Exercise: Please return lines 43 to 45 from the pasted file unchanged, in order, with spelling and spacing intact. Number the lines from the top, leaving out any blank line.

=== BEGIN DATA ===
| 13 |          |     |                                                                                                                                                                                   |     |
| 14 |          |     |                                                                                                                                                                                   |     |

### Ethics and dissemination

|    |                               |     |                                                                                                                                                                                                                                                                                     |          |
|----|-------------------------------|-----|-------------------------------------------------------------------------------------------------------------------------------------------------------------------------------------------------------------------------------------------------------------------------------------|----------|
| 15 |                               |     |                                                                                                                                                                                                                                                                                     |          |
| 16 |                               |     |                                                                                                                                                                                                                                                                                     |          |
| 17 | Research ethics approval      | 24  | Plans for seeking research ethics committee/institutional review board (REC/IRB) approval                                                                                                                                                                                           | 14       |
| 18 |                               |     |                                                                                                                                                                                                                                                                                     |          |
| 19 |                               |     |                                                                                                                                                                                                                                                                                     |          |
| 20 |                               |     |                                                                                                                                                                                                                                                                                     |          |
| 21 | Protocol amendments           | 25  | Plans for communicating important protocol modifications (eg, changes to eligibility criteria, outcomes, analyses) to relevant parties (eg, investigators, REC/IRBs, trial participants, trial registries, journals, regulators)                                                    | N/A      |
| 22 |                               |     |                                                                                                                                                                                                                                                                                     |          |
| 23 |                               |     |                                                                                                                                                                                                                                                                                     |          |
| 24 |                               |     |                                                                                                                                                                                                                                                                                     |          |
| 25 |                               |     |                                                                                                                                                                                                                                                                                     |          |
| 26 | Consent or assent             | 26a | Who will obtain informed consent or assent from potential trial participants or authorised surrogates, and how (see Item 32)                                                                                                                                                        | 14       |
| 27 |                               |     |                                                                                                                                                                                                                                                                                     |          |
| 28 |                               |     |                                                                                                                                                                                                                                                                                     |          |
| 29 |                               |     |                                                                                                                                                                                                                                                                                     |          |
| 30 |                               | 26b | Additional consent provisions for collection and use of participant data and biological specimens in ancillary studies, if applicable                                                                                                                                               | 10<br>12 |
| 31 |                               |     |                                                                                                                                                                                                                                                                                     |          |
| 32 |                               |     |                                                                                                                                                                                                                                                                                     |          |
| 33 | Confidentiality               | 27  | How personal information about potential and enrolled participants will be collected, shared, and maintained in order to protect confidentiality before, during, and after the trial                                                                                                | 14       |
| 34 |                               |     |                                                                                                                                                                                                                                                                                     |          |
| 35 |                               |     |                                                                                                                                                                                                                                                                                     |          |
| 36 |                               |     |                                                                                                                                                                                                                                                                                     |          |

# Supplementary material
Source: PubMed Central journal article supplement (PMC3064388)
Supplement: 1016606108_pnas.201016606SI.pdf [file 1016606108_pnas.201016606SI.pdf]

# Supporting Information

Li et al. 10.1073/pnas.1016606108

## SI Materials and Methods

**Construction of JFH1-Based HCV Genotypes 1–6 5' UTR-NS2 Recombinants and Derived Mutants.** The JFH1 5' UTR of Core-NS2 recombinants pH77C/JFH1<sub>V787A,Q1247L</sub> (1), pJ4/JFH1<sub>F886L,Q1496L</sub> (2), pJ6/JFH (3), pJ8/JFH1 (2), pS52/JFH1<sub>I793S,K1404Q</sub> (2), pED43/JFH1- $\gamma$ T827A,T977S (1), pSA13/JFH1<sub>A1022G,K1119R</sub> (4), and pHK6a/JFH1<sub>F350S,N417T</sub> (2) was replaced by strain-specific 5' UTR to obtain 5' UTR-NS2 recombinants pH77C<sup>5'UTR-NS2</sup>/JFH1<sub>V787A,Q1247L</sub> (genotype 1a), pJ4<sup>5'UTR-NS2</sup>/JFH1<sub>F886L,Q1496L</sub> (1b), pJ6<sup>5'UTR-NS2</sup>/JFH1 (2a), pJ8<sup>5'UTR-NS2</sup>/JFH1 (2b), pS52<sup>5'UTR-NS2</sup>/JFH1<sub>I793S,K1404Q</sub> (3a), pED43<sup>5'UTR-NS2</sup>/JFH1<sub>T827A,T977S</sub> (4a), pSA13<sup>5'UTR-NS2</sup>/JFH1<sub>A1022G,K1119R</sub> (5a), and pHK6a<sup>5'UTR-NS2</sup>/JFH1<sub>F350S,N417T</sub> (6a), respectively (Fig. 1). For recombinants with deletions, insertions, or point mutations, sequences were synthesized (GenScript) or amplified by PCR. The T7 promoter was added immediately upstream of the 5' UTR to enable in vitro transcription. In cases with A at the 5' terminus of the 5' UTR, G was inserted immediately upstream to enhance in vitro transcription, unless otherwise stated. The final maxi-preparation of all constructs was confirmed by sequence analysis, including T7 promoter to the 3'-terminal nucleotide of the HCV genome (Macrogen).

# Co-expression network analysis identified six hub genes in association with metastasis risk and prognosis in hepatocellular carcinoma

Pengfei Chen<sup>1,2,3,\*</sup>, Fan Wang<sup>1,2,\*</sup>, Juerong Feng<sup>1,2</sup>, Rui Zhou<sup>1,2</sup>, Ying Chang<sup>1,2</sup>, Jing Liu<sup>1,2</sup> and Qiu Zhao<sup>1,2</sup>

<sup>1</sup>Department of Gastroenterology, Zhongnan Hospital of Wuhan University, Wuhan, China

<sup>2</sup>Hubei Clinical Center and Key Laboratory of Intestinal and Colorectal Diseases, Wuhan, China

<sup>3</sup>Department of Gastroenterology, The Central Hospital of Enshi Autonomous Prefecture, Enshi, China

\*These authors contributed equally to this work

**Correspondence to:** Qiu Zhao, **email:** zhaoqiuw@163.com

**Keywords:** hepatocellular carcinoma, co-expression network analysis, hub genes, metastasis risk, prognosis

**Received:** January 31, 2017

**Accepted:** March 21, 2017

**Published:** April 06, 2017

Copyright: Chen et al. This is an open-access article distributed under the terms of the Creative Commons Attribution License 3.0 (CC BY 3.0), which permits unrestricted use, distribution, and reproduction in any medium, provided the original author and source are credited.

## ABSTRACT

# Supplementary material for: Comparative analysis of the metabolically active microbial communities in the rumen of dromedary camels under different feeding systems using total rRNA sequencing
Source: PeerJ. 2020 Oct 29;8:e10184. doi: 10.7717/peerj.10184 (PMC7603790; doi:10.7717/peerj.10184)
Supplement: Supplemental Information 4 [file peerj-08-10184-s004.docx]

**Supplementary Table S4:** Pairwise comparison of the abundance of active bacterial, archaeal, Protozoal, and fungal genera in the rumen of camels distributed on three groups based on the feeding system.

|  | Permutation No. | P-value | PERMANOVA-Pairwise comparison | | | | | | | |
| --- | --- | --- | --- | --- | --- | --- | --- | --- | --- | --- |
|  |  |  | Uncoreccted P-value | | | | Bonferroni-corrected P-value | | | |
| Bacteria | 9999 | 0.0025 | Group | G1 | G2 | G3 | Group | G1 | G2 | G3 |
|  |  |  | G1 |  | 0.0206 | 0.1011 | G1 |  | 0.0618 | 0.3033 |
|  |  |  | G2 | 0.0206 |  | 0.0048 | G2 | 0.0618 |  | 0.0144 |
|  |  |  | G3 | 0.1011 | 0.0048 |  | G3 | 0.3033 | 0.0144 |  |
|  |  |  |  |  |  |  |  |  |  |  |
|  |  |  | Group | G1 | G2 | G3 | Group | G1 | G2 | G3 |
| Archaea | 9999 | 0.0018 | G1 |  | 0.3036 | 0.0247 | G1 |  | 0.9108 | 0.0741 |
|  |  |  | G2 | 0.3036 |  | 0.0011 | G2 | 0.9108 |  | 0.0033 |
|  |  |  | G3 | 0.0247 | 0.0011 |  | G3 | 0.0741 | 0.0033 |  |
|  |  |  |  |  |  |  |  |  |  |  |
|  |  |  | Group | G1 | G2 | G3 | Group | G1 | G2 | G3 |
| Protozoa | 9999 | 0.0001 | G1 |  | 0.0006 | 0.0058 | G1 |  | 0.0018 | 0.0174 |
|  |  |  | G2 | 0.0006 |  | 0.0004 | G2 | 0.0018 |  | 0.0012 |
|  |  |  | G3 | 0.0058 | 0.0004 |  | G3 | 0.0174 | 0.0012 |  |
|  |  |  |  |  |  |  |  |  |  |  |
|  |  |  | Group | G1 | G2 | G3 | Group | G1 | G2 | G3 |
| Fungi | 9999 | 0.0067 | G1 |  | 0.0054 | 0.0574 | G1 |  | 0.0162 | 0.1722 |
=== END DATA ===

**Received:** January 31, 2017

**Accepted:** March 21, 2017

**Published:** April 06, 2017